Case Presentation: An otherwise healthy 31 years old Brazilian male presented to the hospital with two months history of constitutional symptoms, diffuse pruritic rash on torso and extremities, and diffuse lymphadenopathy. He lived with his wife and daughter, and most recent travel to Brazil was three months ago. His father has diabetes and mother died at age of 35 years from leukemia. On physical exam, bilateral postauricular, axillary and left inguinal non-tender lymphadenopathy was appreciated. A diffuse, blanching, nontender maculopapular rash was noted on the chest and abdomen. Liver profile showed elevated alkaline phosphatase 1100, ALT 253, and AST 112. Gamma Glutamyl Transferase (GGT) was elevated at 448 indicating a liver pathology. Extensive laboratory investigations including basic metabolic panel, complete blood count, coagulation profile, bilirubin, LDH, angiotensin converting enzyme, histoplasma antigens, and peripheral smear were normal. Viral testing for hepatitis, EBV, parvovirus, HIV, CMV, and Parvovirus were unremarkable. CT scan of the chest, abdomen and pelvis revealed a 2.2 cm spiculated nodule and 7 mm nodule in right lung as well as bilateral inguinal lymphadenopathy. Findings were concerning for malignancy. Surgical excision biopsy of the left inguinal lymph node and ultrasound guided liver biopsy were performed. Testing for Rapid Plasma Reagin (RPR) came back reactive with a titer of 1:64. Confirmatory FTA-ABS (fluorescent treponemal antibody absorption test) was positive. Furthermore, pathology of the excised lymph node was interpreted as Luetic or Syphilitic lymphadenitis. Spirochete immunostain was positive for organisms consistent with spirochetes. The liver biopsy revealed chronic active hepatitis and negative spirochete immunostaining.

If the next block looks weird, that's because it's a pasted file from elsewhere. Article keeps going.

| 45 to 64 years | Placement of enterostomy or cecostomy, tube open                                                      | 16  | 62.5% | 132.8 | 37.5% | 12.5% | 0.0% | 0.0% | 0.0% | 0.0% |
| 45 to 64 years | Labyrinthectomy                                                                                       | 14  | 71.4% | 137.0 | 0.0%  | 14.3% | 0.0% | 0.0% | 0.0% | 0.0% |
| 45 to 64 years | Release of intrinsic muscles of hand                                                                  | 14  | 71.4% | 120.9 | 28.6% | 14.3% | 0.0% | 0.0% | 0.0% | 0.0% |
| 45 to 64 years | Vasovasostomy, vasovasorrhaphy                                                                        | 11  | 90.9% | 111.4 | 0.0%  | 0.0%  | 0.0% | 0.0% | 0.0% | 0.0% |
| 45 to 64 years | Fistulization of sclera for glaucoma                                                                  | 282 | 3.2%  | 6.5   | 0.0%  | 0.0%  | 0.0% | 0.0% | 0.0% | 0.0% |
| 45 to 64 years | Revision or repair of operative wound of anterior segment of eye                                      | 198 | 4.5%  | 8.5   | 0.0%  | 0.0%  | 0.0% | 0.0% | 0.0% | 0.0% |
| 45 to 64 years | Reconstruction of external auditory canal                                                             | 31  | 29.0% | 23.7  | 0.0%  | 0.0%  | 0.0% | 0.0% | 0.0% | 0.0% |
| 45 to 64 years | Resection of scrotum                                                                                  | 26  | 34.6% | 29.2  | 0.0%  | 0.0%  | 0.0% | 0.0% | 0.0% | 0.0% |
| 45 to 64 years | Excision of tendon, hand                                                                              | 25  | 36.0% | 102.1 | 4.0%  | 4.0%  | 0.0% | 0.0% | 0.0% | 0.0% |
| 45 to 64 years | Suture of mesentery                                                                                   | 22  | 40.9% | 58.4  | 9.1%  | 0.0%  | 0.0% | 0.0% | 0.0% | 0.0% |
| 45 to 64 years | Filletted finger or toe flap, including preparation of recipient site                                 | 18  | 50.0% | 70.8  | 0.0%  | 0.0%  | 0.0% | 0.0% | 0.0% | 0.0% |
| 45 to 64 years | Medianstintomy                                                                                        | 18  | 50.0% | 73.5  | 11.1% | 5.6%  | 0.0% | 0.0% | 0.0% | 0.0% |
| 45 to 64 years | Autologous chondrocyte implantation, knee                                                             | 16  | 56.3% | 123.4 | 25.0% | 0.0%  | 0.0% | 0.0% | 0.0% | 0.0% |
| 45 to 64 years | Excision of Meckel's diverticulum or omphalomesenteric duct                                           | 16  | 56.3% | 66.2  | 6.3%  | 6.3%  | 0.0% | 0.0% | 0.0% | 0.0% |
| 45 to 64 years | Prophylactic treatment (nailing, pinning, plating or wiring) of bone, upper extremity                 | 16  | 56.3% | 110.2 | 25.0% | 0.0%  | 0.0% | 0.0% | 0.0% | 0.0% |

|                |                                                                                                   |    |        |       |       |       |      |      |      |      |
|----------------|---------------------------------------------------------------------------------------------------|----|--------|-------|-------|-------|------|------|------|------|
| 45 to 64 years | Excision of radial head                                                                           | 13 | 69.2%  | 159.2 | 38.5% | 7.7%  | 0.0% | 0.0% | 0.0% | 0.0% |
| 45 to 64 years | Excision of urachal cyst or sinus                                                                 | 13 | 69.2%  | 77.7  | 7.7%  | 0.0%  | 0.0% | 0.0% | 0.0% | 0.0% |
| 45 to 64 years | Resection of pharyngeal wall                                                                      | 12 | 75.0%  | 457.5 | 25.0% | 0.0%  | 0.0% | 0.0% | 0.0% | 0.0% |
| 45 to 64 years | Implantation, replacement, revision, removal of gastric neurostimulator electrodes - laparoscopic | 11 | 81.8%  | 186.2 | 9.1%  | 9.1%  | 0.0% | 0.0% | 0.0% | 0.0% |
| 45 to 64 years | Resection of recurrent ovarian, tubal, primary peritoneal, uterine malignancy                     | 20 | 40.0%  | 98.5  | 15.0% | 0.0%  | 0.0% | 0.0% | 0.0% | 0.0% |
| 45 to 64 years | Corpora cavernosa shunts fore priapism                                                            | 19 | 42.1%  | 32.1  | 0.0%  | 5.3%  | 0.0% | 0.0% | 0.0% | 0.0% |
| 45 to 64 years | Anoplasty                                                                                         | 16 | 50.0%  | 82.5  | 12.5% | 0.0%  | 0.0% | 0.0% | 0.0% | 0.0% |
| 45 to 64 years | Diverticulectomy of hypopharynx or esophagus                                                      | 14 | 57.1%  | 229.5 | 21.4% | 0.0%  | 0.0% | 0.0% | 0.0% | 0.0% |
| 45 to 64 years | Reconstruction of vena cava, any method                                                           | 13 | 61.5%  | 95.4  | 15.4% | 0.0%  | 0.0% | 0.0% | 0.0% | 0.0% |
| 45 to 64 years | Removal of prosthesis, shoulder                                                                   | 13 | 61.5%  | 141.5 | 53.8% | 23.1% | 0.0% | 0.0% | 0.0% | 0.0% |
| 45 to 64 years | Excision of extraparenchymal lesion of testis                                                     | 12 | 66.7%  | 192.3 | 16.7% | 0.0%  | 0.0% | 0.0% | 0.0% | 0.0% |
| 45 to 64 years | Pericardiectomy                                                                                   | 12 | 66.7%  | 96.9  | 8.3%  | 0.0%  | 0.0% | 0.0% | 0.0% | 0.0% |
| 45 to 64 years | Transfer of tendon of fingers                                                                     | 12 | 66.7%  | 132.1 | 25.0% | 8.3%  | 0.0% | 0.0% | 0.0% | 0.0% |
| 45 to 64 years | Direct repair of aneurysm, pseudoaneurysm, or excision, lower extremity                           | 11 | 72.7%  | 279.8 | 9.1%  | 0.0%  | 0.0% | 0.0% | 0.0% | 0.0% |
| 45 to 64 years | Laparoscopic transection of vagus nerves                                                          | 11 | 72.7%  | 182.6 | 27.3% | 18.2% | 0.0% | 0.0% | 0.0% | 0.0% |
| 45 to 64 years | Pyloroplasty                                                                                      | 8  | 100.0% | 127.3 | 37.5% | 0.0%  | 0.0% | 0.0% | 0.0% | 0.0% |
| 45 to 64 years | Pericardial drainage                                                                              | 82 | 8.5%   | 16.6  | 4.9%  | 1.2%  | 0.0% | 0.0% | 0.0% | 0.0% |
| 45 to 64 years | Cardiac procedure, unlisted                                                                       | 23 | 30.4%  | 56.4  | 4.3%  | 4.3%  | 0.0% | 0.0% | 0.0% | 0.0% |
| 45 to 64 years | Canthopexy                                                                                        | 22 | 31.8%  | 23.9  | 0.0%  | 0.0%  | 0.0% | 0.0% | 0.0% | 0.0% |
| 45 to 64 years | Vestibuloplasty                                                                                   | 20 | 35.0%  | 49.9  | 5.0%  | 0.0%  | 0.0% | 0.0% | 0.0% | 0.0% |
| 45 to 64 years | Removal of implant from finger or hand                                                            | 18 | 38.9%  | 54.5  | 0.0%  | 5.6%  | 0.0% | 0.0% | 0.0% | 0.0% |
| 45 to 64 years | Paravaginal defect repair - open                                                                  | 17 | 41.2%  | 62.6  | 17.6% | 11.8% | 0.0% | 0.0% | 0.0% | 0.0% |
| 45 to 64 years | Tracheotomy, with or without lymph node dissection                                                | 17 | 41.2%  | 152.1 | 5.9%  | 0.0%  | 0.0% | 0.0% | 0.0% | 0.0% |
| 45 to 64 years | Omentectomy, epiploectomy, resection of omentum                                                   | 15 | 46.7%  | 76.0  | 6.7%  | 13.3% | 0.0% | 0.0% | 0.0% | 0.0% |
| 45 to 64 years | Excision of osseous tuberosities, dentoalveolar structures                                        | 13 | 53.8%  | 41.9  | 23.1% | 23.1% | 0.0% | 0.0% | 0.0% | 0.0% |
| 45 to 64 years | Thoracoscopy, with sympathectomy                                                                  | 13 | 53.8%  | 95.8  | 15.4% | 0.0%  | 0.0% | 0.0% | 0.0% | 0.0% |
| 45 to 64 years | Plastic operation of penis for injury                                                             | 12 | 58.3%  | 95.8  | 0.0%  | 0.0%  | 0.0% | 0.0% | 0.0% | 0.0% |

Given constellation of physical findings and investigation results, a diagnosis of Secondary syphilis with lymphadenitis and hepatitis was made. After receiving intramuscular Benzathine Penicillin, he was seen at follow-up with resolved symptoms, decrement of RPR and marked improvement in liver enzymes. Patient later disclosed having an unprotected sexual intercourse with another woman during his trip to Brazil. A repeat CT chest for follow up of the lung nodules however our patient declined to pursue it.
Discussion: There have been very few reports in literature of secondary syphilitic hepatitis. Commonalities including generalized rash, marked elevation of alkaline phosphatase out of proportion to other liver enzyme abnormalities, serological evidence for syphilis, and improvement in liver enzymes with appropriate antimicrobial therapy. As treponemes have been inconsistently demonstrated in liver biopsies, it serves a greater role in excluding alternative diagnoses rather than confirming syphilitic hepatitis. The etiology of the pulmonary nodules is currently unclear as patient did not wish for further investigation. Syphilitic pulmonary lesions include infiltrates, solitary or multiple subpleural nodules, pleural effusion, or lymphadenopathy have been reported in just a few number of cases.
Conclusions: This case serves to remind practitioners of the characteristics and diagnostic evaluation of these sequela of syphilis. Increased awareness may obviate invasive and unnecessary testing.
To cite this abstract:Trivedi, MC; Qu, M; Ku, T. SYPHILITIC HEPATITIS: AN UNCOMMON AND OVERLOOKED MENIFESTATION OF SECONDARY SYPHILIS. Abstract published at Hospital Medicine 2018; April 8-11; Orlando, Fla. Abstract 390. https://www.shmabstracts.com/abstract/syphilitic-hepatitis-an-uncommon-and-overlooked-menifestation-of-secondary-syphilis/. Accessed April 1, 2020.